I came of age in the 1980s. This was post second-wave feminism, a time when it was ostensibly possible to be a partner with a corner office, the mom who made homemade treats for the school bake sale, and cooked gourmet entrees for her hottie husband before tantalizing him with Agent Provocateur lingerie every night.
That was what we, the young women of the Decade of Big Hair and Massive Shoulder Pads, were told was our destiny, and, moreover, an entirely reasonable and attainable norm. Even more so, it was the very least to which we could aspire after all of the sacrifices of those magnificent female warriors who paved the way for us. After all, how hard is it to bake a few cupcakes?￼
Enter the 1990s. I was a young wife and mother working as an associate at a law firm while my husband was completing his residency. We worked ridiculously long hours, were living on a shoestring budget (residents don’t make much, and there wasn’t much left of my starting associate’s salary after the student loan and day care payments had been made) and had precious little of the “quality time” all the experts told us was all our daughter really needed from us anyway.
Our life looked nothing like what women’s magazines like Glamour and Cosmopolitan told us it should. The closest we ever came to gourmet meals in those days was spaghetti and meatballs with garlic bread. Homemade bake sale items? You’ve got to be kidding me. I was just hoping the other moms wouldn’t judge me for the grocery store mini-muffins I dashed in to buy the morning of with a cranky, miserable toddler on her hip.
As for the sexy lingerie, try granny panties and shape wear designed to hide those extra 15 post pregnancy pounds.
And don’t even talk about oral sex.
I’m 56. My oldest daughter is the parent of a toddler. Are things easier for her, 25 years later?
Is it okay for her to prioritize in favor of relationships and not appearances? Dear lord, I hope so.
With every breath in my body, I hope so.
I hope that she knows that focusing upon what her baby needs is so much more important than a sparkling kitchen and bake sale offerings that look as though they were purchased at a patisserie (although she could certainly make a baked good to rival anything you might find in a Parisian bakery).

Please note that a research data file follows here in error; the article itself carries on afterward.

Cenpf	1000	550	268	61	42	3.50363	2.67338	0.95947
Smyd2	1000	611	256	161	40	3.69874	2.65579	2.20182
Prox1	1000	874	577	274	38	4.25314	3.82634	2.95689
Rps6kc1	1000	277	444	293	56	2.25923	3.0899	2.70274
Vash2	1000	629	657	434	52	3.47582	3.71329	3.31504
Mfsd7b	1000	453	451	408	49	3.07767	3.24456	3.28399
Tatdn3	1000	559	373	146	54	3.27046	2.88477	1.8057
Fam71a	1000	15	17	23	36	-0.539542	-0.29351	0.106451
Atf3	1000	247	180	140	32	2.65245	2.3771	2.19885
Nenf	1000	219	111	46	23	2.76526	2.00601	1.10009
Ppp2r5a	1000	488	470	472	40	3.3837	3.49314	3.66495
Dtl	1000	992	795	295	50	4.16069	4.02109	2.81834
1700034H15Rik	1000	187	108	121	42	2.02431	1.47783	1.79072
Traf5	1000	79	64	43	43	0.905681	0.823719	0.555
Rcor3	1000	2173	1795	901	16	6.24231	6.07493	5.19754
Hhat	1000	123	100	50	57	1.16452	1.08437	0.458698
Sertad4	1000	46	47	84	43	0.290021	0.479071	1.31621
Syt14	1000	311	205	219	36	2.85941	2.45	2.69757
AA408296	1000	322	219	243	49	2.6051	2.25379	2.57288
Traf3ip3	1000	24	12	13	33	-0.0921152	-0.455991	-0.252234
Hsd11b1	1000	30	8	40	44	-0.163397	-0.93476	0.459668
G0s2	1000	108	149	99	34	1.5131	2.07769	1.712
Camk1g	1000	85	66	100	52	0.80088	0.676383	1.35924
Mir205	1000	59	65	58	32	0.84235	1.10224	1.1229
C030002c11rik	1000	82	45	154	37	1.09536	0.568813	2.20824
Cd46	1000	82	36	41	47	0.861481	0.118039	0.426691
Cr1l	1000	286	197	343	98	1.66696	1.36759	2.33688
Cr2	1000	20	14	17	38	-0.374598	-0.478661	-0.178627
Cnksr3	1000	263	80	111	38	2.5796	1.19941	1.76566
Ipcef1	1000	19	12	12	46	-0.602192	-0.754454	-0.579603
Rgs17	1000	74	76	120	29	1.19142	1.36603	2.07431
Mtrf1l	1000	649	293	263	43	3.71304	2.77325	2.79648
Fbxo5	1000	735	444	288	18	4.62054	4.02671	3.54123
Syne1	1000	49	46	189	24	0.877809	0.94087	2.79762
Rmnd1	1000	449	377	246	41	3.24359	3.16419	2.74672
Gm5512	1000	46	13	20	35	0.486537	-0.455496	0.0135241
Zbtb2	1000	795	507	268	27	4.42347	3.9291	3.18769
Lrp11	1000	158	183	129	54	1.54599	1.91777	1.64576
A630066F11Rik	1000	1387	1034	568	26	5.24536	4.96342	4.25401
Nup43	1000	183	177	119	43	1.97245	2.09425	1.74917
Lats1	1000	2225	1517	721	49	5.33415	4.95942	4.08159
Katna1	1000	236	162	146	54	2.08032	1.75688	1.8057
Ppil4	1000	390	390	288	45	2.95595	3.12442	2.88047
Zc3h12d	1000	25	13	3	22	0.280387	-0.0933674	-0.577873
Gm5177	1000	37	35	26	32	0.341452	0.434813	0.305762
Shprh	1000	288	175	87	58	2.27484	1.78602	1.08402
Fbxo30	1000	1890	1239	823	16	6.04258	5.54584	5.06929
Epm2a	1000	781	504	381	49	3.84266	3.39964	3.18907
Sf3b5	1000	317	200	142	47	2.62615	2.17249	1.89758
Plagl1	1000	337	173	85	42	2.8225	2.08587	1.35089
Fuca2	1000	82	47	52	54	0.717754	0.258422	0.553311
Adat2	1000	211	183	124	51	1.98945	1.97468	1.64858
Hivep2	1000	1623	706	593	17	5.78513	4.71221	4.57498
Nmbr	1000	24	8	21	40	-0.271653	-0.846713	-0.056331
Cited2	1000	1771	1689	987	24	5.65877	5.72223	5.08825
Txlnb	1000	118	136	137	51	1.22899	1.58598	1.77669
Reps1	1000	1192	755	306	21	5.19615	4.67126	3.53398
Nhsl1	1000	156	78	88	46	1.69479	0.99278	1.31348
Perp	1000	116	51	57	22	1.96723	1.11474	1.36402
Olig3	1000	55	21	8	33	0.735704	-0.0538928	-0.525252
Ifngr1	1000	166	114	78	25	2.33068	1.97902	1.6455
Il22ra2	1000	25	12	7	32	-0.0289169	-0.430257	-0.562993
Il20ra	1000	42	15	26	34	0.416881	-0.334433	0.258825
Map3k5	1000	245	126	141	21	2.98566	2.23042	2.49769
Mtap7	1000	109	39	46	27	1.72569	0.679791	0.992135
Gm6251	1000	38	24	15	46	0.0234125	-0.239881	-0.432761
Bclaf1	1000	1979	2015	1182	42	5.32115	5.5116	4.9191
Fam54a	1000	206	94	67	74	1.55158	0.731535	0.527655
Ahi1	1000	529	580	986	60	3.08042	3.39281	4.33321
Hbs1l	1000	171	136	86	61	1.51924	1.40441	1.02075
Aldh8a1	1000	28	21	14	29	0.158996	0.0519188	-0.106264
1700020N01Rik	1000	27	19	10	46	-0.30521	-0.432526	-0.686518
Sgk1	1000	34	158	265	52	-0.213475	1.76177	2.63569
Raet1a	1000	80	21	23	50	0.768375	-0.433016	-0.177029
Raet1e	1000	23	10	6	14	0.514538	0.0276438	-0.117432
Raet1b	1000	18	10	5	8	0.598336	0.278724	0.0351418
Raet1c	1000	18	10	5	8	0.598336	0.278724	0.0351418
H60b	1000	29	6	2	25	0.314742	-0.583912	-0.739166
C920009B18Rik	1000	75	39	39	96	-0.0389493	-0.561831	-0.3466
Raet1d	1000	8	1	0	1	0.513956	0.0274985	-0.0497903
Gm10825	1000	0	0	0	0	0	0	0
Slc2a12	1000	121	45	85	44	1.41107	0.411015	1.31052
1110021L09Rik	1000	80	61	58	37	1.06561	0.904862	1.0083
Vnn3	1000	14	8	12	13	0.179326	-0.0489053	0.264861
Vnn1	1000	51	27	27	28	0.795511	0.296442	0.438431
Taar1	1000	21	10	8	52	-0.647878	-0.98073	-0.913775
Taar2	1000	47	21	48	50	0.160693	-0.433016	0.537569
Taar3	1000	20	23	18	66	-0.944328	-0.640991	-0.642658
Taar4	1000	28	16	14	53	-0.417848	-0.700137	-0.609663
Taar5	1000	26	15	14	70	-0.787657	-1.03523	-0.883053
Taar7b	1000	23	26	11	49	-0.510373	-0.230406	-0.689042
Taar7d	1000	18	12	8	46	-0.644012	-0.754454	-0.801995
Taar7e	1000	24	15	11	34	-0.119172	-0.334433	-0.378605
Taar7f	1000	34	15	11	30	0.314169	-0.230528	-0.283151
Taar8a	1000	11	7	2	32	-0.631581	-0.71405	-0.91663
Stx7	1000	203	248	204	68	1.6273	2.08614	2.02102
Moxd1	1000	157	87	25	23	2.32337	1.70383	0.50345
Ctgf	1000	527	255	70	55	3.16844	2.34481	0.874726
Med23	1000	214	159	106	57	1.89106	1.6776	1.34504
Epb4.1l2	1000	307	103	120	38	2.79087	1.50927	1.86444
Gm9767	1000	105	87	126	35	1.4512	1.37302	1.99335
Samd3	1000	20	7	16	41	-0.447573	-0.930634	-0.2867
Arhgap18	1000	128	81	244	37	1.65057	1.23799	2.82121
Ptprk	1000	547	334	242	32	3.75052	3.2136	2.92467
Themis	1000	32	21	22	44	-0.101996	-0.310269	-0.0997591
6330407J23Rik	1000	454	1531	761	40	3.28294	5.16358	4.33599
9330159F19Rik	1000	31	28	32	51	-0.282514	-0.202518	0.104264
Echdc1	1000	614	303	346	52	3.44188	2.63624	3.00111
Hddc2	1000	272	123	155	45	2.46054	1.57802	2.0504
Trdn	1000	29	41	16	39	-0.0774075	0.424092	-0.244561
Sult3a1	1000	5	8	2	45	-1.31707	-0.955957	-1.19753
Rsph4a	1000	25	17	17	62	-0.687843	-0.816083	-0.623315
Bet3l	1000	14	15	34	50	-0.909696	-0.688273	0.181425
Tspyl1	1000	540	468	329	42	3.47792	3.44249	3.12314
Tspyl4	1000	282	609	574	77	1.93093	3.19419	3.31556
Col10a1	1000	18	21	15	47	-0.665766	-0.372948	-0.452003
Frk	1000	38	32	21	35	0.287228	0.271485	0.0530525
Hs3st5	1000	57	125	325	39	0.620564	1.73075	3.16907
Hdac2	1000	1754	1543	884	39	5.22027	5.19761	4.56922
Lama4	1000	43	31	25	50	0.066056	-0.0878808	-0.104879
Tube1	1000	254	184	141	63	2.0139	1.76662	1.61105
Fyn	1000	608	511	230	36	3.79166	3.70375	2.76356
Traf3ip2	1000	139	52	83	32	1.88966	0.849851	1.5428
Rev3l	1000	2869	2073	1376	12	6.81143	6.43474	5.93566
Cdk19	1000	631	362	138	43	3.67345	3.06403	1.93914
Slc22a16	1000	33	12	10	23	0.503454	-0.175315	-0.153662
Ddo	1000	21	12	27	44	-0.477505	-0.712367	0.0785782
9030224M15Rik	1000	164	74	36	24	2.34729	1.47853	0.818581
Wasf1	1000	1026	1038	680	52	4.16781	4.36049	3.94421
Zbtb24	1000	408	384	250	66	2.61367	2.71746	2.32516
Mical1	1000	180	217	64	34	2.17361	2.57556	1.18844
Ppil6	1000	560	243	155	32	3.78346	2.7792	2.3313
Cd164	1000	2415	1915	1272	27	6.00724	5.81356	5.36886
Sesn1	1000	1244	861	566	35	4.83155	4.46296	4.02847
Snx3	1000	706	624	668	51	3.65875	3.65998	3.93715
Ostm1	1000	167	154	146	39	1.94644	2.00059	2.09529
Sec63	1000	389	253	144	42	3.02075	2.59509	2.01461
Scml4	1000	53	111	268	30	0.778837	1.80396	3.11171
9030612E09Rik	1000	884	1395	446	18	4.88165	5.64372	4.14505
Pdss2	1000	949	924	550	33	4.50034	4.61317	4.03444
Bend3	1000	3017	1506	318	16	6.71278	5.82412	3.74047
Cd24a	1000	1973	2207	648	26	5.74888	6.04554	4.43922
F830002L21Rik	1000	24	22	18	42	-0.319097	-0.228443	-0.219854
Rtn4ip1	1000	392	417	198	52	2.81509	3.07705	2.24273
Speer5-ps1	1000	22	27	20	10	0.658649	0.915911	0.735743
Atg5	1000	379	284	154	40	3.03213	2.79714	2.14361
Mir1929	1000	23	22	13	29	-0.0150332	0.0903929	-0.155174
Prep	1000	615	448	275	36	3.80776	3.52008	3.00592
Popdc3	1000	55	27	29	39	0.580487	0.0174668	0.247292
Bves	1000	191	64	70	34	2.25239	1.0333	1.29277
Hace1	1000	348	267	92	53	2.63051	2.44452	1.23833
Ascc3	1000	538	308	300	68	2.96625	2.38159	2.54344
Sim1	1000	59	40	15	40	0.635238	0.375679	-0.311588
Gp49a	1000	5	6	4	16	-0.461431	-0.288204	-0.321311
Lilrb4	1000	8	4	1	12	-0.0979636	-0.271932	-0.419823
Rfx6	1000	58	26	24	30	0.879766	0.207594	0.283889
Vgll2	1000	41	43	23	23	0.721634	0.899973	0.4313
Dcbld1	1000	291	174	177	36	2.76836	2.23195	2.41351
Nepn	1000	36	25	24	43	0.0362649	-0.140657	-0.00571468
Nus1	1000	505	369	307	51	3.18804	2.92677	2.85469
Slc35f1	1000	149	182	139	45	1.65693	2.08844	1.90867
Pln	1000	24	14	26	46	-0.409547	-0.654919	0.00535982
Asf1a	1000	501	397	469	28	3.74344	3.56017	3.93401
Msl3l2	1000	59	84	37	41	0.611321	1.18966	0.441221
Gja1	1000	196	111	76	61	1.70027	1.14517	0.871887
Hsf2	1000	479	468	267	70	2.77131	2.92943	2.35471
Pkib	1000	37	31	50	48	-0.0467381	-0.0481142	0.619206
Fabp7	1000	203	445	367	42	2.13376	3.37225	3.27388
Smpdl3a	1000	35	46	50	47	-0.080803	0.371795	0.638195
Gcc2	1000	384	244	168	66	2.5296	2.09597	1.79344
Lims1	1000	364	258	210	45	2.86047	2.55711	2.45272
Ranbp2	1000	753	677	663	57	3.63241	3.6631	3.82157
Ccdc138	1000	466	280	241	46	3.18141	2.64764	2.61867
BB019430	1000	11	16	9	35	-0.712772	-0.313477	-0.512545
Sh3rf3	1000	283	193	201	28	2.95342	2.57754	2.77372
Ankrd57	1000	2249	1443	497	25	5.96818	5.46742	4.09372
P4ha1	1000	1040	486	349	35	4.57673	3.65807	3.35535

I hope she realizes that making the most ￼of her “free time” nurturing her marriage and the deeply loving, healthy relationship she has forged with her daughter is so much more impactful that whatever else one could be doing with one’s time.
Robert Reich, a cabinet member of the Clinton Administration’, once said, “you can have it all, but not at once.” Truer words have never been spoken.
I have had it all, to be sure, but I have had it over a lifetime. I’ve had tons of quality AND quantity time with my children. I have time to focus a large amount of attention on a career I love. I’ve been able to nurture my marriage and have never been happier with my Duck. I’ve gotten to pursue interests and hobbies that have fulfilled my creative ambitions, and I am so grateful that I have been able to travel and exercise and focus on work on my issues.
But I did all of that over the course of 30 years, and not all at once. The gourmet meals line item remains unchecked, but Michael’s got that covered.
The notion of “having it all” was daunting when I was 25; in this day and age, it strikes me as insanity. I hope young women today see the concept for the phony bill of goods women accepted 40 years ago as the standard to which they had to adhere in order for their career ambitions to be acceptable to the men who at that time still ruled most institutions.
I hope young women will be confident enough not to feel as though their choices need to conform to the expectations of anyone other than themselves. I hope they won’t encounter judgment should they decide they don’t want a spouse or a kid or a career outside the home or any combination thereof.
And I hope they know that store-bought bake sale items are perfectly okay.